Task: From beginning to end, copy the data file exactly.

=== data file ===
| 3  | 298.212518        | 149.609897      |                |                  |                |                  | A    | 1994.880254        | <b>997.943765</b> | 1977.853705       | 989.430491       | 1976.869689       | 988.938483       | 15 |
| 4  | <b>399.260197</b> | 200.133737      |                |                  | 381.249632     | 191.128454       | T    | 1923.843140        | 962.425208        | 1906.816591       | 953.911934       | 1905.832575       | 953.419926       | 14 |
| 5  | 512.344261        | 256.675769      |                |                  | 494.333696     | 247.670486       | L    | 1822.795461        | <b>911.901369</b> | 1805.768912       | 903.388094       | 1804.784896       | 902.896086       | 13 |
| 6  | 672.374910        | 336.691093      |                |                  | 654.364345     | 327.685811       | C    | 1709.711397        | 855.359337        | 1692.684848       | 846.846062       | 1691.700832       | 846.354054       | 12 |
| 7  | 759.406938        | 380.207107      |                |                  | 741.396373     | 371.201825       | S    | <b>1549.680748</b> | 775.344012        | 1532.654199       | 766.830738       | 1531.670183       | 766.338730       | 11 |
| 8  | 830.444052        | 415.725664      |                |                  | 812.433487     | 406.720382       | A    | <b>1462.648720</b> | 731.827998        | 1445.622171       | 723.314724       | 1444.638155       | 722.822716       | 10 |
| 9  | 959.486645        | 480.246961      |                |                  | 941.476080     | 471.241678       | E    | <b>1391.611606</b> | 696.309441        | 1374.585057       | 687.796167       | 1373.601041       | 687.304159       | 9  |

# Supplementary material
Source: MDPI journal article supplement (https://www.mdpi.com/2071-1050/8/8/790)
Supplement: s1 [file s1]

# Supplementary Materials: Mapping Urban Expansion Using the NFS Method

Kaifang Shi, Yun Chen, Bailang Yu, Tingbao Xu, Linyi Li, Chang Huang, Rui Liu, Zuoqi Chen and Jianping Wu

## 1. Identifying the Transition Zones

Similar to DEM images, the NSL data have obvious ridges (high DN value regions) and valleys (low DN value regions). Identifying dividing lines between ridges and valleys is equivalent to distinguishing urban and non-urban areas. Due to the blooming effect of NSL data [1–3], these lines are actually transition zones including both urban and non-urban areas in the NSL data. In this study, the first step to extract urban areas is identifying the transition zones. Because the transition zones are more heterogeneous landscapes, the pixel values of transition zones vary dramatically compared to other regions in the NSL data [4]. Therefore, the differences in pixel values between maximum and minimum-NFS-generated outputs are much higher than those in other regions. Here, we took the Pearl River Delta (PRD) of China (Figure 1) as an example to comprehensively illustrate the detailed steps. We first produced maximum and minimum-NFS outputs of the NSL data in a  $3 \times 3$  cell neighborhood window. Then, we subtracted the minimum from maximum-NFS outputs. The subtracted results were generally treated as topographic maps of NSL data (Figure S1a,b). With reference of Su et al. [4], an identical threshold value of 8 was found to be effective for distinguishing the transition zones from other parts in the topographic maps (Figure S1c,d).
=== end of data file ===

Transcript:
| 3  | 298.212518        | 149.609897      |                |                  |                |                  | A    | 1994.880254        | <b>997.943765</b> | 1977.853705       | 989.430491       | 1976.869689       | 988.938483       | 15 |
| 4  | <b>399.260197</b> | 200.133737      |                |                  | 381.249632     | 191.128454       | T    | 1923.843140        | 962.425208        | 1906.816591       | 953.911934       | 1905.832575       | 953.419926       | 14 |
| 5  | 512.344261        | 256.675769      |                |                  | 494.333696     | 247.670486       | L    | 1822.795461        | <b>911.901369</b> | 1805.768912       | 903.388094       | 1804.784896       | 902.896086       | 13 |
| 6  | 672.374910        | 336.691093      |                |                  | 654.364345     | 327.685811       | C    | 1709.711397        | 855.359337        | 1692.684848       | 846.846062       | 1691.700832       | 846.354054       | 12 |
| 7  | 759.406938        | 380.207107      |                |                  | 741.396373     | 371.201825       | S    | <b>1549.680748</b> | 775.344012        | 1532.654199       | 766.830738       | 1531.670183       | 766.338730       | 11 |
| 8  | 830.444052        | 415.725664      |                |                  | 812.433487     | 406.720382       | A    | <b>1462.648720</b> | 731.827998        | 1445.622171       | 723.314724       | 1444.638155       | 722.822716       | 10 |
| 9  | 959.486645        | 480.246961      |                |                  | 941.476080     | 471.241678       | E    | <b>1391.611606</b> | 696.309441        | 1374.585057       | 687.796167       | 1373.601041       | 687.304159       | 9  |

# Supplementary material
Source: MDPI journal article supplement (https://www.mdpi.com/2071-1050/8/8/790)
Supplement: s1 [file s1]

# Supplementary Materials: Mapping Urban Expansion Using the NFS Method

Kaifang Shi, Yun Chen, Bailang Yu, Tingbao Xu, Linyi Li, Chang Huang, Rui Liu, Zuoqi Chen and Jianping Wu

## 1. Identifying the Transition Zones

Similar to DEM images, the NSL data have obvious ridges (high DN value regions) and valleys (low DN value regions). Identifying dividing lines between ridges and valleys is equivalent to distinguishing urban and non-urban areas. Due to the blooming effect of NSL data [1–3], these lines are actually transition zones including both urban and non-urban areas in the NSL data. In this study, the first step to extract urban areas is identifying the transition zones. Because the transition zones are more heterogeneous landscapes, the pixel values of transition zones vary dramatically compared to other regions in the NSL data [4]. Therefore, the differences in pixel values between maximum and minimum-NFS-generated outputs are much higher than those in other regions. Here, we took the Pearl River Delta (PRD) of China (Figure 1) as an example to comprehensively illustrate the detailed steps. We first produced maximum and minimum-NFS outputs of the NSL data in a  $3 \times 3$  cell neighborhood window. Then, we subtracted the minimum from maximum-NFS outputs. The subtracted results were generally treated as topographic maps of NSL data (Figure S1a,b). With reference of Su et al. [4], an identical threshold value of 8 was found to be effective for distinguishing the transition zones from other parts in the topographic maps (Figure S1c,d).